Background: Dietary fiber may favorably influence fermentation, gastrointestinal inflammation, and disease progression in Crohn's disease, ulcerative colitis (UC), and pouchitis and offer an attractive therapeutic addition to pharmacological treatment. This systematic review appraised data from randomized controlled trials of fiber in the management of inflammatory bowel disease. Methods: The review followed Cochrane and PRISMA recommendations. Seven electronic databases were searched along with hand searching and contacting experts. Inclusion criteria were randomized controlled trials of the effects of fiber on clinical endpoints (primarily disease activity for treatment or maintenance) or physiological outcomes in patients with inflammatory bowel disease. Results: In total, 23 randomized controlled trials fulfilled the inclusion criteria (UC, 10; Crohn's disease, 12; and pouchitis, 1) recruiting 1296 patients. In UC, 3/10 studies reported fiber supplementation to benefit disease outcomes. In Crohn's disease, 0/12 studies and in pouchitis 1/1 study reported a benefit on disease activity. Despite this, a number of studies reported favorable intragroup effects on physiological outcomes including fecal butyrate, fecal calprotectin, inflammatory cytokines, microbiota, and gastrointestinal symptom indices. Meta-analysis was not possible. Conclusions: There is limited weak evidence for the efficacy of fiber in improving disease outcomes in UC and pouchitis. The potential antiinflammatory role of fiber is intriguing and merits further investigation in adequately powered clinical trials. Excluding overt gastrointestinal obstruction, there was no evidence that fiber intake should be restricted in patients with inflammatory bowel disease. Copyright © 2014 Crohn's & Colitis Foundation of America, Inc.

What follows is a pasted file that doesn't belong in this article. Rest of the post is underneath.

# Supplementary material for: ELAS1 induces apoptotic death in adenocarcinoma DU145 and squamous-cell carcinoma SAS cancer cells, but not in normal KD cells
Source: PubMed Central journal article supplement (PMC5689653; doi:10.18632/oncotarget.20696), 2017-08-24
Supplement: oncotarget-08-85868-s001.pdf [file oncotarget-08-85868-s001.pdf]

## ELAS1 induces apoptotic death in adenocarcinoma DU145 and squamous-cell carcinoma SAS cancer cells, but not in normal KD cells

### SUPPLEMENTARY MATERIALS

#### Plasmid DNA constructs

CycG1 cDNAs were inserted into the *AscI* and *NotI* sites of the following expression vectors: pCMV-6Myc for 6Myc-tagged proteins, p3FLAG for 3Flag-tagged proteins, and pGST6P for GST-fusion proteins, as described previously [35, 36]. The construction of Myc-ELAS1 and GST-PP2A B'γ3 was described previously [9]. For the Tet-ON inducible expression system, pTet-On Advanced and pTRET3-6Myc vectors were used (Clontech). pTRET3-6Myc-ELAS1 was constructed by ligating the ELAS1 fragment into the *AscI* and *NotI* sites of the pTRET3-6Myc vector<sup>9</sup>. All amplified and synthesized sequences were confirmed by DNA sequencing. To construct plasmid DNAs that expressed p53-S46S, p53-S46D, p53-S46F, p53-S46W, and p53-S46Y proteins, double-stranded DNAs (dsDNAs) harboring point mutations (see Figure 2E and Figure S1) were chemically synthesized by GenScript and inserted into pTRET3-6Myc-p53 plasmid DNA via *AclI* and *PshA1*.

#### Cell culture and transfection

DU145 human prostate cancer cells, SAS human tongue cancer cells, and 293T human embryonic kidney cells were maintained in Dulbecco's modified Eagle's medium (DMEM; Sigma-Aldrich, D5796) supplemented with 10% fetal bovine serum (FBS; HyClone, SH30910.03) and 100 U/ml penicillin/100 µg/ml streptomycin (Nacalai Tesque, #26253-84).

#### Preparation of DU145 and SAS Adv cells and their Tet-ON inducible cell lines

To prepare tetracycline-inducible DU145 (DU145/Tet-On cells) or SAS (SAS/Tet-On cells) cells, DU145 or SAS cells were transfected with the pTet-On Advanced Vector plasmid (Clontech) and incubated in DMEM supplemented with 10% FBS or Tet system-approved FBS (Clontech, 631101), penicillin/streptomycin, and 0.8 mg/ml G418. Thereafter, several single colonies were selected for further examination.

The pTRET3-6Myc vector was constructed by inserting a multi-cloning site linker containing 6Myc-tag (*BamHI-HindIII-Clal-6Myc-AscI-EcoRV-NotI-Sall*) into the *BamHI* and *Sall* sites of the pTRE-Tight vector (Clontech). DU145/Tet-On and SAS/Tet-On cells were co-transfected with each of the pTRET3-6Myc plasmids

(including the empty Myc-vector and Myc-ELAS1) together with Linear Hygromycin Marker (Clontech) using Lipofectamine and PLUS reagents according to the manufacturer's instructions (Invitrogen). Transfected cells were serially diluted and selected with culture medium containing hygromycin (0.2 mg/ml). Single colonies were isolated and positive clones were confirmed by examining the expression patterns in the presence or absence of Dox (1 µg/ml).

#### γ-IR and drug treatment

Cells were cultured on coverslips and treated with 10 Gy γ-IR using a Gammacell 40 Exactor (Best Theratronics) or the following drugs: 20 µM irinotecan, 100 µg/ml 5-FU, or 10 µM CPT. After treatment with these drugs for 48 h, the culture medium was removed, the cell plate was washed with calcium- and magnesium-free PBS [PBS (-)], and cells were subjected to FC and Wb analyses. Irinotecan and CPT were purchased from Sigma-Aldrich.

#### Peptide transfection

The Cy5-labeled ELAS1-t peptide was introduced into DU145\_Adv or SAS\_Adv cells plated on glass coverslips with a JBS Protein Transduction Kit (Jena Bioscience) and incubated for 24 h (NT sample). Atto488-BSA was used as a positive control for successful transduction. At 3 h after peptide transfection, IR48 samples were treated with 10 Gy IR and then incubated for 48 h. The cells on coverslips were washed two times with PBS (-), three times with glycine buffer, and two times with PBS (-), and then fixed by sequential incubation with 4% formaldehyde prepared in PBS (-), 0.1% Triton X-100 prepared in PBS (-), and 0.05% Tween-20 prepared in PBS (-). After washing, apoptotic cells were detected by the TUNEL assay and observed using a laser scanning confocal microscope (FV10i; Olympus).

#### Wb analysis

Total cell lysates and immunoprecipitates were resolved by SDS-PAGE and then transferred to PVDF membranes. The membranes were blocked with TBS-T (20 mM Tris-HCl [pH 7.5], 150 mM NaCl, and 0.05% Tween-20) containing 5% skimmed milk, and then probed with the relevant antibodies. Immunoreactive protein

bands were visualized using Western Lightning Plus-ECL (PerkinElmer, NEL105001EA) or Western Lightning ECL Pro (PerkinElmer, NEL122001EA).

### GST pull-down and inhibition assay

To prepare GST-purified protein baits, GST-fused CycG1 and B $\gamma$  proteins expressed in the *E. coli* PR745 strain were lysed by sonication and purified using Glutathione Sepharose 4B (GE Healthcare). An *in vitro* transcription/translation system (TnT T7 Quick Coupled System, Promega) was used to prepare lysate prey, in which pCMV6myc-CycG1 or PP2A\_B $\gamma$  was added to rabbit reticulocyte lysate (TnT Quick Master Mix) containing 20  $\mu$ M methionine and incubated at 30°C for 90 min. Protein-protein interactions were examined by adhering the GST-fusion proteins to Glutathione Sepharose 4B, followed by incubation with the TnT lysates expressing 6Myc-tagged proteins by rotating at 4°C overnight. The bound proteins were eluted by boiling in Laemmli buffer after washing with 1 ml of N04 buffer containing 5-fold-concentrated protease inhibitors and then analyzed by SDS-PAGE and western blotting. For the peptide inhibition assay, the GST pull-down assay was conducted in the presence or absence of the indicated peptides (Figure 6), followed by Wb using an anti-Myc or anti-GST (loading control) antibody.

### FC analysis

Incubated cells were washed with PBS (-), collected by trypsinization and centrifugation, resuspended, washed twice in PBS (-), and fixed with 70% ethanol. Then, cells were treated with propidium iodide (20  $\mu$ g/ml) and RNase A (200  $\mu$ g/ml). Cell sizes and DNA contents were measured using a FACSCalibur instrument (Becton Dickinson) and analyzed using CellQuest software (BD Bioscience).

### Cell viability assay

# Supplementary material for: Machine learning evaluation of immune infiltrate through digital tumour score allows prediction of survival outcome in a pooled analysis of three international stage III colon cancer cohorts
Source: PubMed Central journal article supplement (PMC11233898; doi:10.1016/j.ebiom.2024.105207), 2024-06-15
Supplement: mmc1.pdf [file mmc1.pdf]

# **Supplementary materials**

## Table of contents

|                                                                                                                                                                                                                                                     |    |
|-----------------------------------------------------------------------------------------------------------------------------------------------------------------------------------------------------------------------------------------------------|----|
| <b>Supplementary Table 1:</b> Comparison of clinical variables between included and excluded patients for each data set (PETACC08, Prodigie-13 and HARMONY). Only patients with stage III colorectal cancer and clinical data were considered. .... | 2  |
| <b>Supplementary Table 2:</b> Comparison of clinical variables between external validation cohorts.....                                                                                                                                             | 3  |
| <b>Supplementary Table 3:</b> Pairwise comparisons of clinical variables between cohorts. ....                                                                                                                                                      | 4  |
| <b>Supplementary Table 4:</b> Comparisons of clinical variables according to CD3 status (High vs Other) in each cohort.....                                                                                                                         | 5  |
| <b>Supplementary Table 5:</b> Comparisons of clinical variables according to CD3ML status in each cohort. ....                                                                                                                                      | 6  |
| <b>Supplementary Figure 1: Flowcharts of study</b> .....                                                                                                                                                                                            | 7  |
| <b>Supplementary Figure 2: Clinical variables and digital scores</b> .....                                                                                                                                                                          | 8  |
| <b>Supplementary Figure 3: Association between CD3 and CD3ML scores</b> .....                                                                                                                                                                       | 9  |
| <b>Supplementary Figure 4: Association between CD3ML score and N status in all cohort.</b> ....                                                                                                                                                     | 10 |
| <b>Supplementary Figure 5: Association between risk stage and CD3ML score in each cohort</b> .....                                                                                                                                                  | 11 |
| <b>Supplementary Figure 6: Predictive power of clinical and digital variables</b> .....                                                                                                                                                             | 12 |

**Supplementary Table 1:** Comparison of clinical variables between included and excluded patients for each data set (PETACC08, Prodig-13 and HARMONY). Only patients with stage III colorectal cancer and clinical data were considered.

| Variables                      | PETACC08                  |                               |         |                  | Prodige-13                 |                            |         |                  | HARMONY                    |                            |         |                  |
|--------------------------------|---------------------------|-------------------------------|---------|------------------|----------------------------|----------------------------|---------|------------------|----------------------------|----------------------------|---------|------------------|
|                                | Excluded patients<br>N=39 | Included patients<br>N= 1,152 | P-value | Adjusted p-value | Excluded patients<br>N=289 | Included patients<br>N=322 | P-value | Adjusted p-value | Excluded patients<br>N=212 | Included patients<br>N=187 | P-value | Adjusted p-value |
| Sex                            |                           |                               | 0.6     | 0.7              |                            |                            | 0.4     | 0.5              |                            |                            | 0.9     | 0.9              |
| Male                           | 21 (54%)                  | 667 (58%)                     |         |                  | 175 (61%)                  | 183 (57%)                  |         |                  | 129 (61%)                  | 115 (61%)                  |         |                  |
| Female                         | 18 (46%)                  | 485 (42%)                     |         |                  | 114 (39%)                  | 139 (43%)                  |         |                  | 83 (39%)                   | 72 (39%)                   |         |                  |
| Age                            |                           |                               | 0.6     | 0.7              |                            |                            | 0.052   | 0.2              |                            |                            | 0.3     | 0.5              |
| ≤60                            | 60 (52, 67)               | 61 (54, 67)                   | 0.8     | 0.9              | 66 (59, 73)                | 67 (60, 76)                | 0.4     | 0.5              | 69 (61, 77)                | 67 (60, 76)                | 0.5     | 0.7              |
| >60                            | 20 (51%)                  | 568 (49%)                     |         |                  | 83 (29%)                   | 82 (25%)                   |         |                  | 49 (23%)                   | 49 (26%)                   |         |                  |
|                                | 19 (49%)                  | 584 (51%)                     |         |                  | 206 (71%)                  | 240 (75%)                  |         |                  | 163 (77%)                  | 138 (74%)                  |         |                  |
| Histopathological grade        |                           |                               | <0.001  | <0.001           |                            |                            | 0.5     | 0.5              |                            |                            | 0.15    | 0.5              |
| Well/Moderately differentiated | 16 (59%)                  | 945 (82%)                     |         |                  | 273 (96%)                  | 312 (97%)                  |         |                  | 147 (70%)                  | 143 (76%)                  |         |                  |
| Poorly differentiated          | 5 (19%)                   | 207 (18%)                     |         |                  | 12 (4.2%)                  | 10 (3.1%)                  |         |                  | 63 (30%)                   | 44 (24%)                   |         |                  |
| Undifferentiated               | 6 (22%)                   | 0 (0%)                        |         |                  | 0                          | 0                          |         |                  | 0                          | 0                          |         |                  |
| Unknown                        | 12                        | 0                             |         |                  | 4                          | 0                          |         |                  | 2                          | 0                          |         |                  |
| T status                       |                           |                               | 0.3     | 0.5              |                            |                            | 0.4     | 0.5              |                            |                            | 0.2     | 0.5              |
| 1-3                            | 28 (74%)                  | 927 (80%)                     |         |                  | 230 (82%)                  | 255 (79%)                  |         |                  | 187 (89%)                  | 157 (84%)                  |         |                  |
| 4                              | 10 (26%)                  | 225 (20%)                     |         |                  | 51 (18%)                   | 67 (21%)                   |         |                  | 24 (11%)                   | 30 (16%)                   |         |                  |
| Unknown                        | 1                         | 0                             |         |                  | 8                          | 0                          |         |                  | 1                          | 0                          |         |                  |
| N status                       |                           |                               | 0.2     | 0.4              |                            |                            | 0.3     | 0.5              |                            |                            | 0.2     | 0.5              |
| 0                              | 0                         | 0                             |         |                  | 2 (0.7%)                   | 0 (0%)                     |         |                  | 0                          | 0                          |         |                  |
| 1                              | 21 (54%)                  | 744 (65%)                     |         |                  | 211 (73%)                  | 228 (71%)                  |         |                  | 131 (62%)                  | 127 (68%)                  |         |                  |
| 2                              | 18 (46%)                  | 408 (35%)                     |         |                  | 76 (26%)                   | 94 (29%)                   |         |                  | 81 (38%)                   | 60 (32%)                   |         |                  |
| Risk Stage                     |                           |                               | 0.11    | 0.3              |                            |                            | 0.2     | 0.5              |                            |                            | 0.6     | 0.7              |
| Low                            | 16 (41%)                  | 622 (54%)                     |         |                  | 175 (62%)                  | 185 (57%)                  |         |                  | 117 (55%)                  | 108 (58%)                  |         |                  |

Ciuffreda D.,Gastrointestinal Unit | Kim A.Y.,Harvard University
Current Opinion in HIV and AIDS | Year: 2011

Purpose of review: The goal of this study is to review key recent findings related to the immunopathogenesis of hepatitis C virus (HCV) infection, especially in regards to T lymphocytes. It aims to complement other reviews in this issue on the roles of host genetics (IL-28B), acute HCV infection (when disease outcome is determined) and other factors that may influence fibrosis progression (microbial translocation). The main focus is on specific immunity and T cells in the context of success and failure to control viral infection. Recent findings: This review focuses on two areas of intense interest in the recent literature: the relationship between the human leukocyte antigen (HLA), class I-restricted T-cell responses and the evolution of the virus and the role of inhibitory markers on T cells in the immunopathogenesis of HCV. When appropriate, we compare findings from studies of HIV-specific immunity. Summary: From examining the virus and the mutational changes associated with T-cell responses and from analyzing the markers on T cells, there have been numerous advances in the understanding of immune evasion mechanisms employed by HCV. © 2011 Wolters Kluwer Health | Lippincott Williams & Wilkins.